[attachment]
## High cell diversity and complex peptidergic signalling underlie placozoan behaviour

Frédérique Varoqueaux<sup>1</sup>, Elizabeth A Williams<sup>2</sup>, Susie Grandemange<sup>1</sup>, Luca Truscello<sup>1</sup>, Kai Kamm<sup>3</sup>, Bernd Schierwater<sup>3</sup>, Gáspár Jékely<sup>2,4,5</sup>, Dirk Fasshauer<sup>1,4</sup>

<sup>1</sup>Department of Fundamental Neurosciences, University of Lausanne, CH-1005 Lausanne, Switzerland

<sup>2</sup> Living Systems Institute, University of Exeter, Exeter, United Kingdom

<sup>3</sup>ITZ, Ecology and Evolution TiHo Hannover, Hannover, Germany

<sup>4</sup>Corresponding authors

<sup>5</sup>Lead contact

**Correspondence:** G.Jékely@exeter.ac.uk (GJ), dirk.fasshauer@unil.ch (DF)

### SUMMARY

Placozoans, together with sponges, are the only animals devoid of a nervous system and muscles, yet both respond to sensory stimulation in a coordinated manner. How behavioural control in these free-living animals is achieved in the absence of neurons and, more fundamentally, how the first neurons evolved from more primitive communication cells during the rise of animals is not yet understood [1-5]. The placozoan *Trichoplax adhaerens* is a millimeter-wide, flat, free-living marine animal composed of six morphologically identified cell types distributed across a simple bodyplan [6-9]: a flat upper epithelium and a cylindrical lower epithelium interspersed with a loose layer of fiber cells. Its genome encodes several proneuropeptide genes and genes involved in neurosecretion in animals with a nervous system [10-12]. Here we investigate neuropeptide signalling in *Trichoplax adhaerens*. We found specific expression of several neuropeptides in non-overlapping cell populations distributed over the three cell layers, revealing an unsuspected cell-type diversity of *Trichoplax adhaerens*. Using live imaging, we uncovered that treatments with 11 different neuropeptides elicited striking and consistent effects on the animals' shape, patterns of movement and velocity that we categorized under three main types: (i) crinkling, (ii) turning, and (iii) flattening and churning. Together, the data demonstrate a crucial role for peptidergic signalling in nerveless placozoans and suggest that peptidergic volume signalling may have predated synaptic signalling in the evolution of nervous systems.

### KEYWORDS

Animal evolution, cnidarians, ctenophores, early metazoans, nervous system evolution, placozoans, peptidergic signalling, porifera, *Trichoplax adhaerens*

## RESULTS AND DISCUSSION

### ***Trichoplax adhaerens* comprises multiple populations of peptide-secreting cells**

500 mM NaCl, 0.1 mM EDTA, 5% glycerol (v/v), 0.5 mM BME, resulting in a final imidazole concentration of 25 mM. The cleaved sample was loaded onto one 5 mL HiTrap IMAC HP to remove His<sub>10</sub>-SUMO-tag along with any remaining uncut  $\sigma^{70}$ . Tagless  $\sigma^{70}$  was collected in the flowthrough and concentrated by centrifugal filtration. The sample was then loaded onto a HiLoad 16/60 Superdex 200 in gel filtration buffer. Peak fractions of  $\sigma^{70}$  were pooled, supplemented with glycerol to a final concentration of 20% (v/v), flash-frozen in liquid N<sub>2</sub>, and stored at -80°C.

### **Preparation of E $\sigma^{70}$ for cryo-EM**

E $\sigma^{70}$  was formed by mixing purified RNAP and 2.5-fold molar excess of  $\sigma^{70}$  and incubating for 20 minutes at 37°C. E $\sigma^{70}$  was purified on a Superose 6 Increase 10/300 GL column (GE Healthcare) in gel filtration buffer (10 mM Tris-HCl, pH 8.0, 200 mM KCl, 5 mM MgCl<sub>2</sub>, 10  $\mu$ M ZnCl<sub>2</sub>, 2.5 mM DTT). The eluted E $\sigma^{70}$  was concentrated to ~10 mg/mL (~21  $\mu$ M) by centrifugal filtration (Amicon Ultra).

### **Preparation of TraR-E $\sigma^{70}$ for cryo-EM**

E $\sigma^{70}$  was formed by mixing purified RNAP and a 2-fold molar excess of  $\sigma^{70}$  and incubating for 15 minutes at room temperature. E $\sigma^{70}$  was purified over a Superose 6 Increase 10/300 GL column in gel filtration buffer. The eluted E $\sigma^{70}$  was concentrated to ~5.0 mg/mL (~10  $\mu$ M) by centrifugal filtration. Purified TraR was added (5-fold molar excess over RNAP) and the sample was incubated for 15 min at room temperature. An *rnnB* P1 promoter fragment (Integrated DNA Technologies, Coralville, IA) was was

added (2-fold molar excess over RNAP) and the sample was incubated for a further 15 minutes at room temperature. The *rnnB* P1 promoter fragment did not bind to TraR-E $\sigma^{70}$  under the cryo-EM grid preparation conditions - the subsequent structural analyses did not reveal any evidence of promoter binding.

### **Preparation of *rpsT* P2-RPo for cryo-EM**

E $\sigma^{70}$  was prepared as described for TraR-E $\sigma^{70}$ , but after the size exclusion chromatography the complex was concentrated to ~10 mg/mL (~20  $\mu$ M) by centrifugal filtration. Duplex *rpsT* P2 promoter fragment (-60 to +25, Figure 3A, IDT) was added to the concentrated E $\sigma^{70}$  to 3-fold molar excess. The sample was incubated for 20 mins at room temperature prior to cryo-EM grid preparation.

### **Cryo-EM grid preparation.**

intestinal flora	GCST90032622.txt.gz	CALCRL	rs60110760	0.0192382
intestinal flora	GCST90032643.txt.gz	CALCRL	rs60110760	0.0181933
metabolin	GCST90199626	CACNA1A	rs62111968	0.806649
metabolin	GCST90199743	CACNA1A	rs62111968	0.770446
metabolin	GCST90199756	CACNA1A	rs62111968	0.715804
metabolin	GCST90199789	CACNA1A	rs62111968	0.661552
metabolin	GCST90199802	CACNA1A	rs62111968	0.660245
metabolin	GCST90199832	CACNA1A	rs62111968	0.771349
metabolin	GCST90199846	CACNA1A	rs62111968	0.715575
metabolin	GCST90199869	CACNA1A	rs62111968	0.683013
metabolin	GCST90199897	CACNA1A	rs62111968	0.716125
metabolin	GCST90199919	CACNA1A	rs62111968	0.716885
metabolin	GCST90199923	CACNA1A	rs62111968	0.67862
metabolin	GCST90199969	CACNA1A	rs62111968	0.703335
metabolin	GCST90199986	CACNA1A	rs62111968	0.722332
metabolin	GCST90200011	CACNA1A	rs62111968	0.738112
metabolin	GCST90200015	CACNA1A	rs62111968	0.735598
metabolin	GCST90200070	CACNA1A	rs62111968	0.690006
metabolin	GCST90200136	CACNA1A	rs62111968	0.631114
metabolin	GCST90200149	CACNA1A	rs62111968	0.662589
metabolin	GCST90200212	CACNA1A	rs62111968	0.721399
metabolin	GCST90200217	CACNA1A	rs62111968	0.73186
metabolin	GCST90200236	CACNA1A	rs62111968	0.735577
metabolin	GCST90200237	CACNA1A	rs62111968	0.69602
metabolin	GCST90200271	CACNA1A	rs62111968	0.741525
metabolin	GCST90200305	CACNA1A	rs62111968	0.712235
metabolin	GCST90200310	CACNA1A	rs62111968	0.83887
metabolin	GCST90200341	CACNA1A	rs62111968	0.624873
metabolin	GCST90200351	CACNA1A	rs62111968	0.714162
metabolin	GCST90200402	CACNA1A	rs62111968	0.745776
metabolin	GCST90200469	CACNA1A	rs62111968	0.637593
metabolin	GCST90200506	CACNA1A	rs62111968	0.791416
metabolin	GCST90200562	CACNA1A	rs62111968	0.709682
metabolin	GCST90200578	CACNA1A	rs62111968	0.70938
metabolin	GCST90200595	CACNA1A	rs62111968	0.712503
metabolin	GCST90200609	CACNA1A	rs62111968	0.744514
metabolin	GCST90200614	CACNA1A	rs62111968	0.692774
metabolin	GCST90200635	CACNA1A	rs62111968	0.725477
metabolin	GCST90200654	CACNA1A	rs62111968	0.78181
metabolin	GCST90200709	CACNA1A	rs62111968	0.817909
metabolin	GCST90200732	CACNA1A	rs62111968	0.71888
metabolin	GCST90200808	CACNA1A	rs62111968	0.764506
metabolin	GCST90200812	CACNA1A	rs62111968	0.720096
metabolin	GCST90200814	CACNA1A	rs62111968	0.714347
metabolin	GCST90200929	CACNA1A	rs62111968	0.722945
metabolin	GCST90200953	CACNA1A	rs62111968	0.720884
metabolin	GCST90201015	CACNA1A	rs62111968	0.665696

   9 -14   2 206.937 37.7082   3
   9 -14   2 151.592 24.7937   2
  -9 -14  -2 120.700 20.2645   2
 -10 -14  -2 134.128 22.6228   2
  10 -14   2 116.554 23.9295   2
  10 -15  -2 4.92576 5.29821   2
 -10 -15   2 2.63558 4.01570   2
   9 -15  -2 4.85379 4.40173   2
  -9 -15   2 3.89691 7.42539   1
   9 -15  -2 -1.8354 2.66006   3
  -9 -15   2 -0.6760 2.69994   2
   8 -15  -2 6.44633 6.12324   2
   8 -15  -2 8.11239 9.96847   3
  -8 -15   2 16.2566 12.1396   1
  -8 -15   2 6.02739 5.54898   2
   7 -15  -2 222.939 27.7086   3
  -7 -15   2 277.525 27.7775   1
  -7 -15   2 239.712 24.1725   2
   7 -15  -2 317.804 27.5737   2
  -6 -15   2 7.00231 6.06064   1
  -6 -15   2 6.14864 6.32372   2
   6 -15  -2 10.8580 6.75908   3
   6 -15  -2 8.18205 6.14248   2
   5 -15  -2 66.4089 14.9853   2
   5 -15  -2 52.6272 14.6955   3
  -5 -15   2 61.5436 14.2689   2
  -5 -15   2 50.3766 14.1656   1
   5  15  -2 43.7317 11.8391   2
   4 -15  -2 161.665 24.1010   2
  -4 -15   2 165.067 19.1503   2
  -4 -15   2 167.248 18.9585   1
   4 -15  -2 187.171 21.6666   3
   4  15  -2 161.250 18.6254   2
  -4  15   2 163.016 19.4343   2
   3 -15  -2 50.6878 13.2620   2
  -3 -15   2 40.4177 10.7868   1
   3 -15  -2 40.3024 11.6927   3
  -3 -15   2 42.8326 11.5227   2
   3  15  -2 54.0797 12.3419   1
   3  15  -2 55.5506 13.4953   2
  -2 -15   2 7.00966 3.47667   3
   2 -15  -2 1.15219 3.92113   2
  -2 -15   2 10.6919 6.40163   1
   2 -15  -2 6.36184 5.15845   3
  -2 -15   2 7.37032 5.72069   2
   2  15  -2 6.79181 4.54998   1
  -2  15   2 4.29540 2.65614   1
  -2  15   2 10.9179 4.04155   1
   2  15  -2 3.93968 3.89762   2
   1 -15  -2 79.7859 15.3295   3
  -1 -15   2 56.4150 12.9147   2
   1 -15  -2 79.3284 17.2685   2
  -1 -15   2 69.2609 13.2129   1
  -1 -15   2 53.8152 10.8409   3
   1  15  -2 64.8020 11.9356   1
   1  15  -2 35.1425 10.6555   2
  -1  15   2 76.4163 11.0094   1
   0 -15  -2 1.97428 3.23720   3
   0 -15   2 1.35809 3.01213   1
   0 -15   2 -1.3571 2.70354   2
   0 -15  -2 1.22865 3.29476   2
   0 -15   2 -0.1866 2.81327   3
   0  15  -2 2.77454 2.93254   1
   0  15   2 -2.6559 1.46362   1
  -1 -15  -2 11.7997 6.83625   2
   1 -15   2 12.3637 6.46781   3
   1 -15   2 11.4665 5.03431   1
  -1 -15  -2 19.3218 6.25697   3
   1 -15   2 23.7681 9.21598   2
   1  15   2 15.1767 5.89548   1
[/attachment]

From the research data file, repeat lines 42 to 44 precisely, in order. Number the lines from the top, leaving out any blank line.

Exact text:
metabolin	GCST90200136	CACNA1A	rs62111968	0.631114
metabolin	GCST90200149	CACNA1A	rs62111968	0.662589
metabolin	GCST90200212	CACNA1A	rs62111968	0.721399